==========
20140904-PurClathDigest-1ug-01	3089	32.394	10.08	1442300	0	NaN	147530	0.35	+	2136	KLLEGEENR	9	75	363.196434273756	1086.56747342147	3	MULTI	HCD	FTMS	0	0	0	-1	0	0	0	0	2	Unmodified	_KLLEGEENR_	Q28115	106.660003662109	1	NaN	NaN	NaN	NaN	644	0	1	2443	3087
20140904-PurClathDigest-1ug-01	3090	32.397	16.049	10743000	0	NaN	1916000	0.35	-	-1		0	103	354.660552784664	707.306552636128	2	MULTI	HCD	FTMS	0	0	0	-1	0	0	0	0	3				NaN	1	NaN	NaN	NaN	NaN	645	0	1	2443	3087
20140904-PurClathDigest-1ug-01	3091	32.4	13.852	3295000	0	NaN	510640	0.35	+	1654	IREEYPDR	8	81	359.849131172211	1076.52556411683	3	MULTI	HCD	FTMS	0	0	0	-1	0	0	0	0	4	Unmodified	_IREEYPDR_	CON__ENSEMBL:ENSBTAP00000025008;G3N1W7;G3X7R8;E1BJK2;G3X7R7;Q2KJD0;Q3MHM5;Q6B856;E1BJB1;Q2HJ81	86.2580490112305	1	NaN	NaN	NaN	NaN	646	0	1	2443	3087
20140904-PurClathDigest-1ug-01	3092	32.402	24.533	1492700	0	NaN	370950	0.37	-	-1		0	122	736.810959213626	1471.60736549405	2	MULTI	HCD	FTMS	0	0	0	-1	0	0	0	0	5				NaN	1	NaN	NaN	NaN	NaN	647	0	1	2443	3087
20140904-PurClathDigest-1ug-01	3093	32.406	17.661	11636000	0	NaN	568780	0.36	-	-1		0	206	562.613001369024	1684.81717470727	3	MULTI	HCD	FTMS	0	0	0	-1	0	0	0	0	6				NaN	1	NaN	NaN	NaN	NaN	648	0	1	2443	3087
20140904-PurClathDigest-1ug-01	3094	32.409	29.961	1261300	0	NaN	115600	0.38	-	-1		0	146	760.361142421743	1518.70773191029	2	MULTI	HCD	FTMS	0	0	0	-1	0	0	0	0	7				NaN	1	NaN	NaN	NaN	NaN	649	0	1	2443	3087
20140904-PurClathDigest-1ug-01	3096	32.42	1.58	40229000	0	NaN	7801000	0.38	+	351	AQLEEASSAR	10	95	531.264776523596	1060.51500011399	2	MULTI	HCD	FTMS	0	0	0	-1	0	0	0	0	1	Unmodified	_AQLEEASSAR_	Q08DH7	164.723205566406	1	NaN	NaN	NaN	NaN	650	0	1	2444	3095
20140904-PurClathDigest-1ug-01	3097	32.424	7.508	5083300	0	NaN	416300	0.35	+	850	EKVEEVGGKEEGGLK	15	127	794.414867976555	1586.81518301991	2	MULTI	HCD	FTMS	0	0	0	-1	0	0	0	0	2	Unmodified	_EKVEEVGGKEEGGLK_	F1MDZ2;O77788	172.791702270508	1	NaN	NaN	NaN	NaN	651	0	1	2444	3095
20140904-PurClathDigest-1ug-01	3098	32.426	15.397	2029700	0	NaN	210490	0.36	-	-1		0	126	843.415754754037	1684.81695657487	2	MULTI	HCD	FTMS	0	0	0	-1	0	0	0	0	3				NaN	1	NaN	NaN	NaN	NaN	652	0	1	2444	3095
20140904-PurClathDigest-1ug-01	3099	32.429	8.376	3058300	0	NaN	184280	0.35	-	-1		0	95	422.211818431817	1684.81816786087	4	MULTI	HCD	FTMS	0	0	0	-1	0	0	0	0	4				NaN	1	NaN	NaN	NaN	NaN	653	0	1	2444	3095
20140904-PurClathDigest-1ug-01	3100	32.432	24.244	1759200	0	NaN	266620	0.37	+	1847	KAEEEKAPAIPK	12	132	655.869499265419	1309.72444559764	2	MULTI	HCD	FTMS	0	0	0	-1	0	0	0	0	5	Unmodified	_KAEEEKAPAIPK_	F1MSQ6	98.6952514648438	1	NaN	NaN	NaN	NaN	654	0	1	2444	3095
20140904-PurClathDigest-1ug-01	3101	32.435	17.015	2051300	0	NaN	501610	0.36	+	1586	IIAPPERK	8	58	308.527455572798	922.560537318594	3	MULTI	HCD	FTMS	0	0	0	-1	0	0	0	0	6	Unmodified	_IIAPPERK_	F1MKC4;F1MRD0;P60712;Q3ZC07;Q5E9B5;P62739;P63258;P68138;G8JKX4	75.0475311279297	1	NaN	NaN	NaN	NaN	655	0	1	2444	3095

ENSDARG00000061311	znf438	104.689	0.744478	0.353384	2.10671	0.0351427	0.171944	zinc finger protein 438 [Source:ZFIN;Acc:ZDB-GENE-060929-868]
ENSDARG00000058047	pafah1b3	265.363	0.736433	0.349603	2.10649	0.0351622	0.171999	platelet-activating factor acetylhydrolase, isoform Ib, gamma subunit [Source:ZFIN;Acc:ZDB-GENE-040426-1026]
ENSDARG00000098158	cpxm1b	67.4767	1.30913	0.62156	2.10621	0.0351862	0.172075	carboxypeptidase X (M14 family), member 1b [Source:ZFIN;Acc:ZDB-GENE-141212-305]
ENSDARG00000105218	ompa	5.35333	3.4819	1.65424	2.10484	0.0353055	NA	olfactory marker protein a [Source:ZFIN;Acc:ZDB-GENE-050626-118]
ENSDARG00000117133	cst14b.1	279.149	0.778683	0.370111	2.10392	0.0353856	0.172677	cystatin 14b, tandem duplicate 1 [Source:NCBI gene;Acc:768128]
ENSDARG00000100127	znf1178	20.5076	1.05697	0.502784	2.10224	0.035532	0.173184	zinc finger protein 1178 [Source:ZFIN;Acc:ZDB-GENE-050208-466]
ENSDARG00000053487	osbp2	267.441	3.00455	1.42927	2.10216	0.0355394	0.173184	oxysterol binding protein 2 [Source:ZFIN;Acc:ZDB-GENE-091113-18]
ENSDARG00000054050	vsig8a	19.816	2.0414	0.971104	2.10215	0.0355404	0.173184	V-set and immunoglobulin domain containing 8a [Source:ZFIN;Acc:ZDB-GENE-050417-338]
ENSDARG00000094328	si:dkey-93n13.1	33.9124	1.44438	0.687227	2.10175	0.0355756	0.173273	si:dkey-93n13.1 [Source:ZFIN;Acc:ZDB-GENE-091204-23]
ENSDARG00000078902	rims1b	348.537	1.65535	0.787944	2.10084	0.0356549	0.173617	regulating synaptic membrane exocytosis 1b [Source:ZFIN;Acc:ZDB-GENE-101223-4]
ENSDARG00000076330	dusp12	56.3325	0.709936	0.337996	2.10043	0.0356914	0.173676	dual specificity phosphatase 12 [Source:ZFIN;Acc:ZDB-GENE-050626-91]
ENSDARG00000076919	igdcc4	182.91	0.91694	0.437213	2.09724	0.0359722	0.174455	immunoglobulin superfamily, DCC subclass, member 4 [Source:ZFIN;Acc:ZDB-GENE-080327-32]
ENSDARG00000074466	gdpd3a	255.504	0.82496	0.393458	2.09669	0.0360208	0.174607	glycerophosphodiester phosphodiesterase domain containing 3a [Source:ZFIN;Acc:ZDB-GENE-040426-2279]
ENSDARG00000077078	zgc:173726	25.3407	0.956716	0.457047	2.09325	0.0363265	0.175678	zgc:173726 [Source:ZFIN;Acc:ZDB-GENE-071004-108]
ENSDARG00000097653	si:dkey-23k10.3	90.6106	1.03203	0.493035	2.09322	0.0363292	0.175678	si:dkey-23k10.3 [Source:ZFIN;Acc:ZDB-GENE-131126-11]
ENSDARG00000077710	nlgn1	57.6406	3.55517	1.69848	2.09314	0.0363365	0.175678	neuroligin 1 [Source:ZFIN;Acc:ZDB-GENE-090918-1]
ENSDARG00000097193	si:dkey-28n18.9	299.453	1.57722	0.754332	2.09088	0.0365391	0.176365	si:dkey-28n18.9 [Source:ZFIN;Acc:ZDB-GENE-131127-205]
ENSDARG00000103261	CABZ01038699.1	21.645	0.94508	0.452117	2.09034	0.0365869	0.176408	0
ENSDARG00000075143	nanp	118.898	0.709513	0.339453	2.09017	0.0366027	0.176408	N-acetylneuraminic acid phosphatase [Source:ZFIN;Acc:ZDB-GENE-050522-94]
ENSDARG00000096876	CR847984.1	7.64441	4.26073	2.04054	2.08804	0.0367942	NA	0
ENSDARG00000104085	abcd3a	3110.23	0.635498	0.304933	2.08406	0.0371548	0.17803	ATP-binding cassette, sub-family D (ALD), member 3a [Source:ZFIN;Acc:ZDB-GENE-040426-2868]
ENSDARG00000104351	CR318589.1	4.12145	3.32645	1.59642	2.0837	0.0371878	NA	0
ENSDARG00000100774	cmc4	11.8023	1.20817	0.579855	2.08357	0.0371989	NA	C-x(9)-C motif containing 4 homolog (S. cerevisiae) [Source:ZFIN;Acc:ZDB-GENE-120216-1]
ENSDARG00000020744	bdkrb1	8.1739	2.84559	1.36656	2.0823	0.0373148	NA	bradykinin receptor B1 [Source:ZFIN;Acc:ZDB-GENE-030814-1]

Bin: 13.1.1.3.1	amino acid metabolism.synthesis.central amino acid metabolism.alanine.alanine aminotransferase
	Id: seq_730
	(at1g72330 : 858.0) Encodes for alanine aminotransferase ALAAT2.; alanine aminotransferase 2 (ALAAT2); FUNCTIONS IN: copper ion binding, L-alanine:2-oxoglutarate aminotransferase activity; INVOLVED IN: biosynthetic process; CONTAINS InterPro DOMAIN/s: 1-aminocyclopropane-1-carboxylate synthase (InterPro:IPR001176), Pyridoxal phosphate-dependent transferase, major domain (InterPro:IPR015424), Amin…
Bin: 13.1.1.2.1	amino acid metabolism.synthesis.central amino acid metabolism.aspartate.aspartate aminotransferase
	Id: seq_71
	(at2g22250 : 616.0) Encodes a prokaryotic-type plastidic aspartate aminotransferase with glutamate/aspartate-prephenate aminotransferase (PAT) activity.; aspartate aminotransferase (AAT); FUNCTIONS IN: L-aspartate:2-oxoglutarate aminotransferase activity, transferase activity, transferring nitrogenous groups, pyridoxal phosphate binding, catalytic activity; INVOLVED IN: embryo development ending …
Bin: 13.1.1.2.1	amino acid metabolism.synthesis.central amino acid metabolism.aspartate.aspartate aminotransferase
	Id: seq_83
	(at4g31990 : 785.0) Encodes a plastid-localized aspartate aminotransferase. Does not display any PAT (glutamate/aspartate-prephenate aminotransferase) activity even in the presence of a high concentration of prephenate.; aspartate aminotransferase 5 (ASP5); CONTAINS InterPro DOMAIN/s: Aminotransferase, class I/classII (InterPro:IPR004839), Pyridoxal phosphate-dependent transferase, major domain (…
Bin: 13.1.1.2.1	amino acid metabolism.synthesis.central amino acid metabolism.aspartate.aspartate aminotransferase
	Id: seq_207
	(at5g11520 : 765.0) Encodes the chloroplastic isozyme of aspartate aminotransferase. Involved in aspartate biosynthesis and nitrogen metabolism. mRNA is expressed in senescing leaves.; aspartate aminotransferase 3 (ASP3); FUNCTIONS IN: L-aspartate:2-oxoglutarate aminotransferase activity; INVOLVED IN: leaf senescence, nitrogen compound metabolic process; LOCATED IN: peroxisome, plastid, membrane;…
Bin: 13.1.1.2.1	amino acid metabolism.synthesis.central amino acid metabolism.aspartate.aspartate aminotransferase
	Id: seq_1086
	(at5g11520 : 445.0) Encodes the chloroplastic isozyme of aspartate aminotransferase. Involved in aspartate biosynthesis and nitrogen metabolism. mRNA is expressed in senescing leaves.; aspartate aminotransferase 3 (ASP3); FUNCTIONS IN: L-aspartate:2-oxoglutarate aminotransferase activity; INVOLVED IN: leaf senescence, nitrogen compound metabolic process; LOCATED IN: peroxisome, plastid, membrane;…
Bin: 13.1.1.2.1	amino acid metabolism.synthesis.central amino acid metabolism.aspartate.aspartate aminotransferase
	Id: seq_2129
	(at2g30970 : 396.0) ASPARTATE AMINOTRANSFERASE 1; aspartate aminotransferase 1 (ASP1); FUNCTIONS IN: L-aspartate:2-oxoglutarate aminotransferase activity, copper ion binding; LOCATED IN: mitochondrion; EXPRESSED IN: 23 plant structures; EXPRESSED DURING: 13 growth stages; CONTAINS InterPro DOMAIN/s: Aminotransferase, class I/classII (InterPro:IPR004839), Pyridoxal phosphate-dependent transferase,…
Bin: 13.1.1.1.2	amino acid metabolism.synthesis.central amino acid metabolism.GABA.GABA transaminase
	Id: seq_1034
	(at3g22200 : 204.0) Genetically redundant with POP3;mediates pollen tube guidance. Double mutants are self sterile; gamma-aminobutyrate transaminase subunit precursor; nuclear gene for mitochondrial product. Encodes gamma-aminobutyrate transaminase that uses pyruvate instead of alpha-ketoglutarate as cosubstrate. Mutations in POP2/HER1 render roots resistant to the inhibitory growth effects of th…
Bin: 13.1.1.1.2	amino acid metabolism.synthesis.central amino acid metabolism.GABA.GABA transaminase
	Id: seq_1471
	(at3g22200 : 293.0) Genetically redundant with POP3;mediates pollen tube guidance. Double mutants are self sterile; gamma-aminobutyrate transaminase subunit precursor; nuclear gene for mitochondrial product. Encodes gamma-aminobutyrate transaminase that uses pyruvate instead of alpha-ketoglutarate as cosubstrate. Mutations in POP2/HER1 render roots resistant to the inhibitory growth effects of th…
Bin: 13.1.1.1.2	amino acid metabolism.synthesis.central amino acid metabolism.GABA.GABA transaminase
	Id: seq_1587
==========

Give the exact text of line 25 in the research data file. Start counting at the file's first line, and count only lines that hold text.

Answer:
ENSDARG00000074466	gdpd3a	255.504	0.82496	0.393458	2.09669	0.0360208	0.174607	glycerophosphodiester phosphodiesterase domain containing 3a [Source:ZFIN;Acc:ZDB-GENE-040426-2279]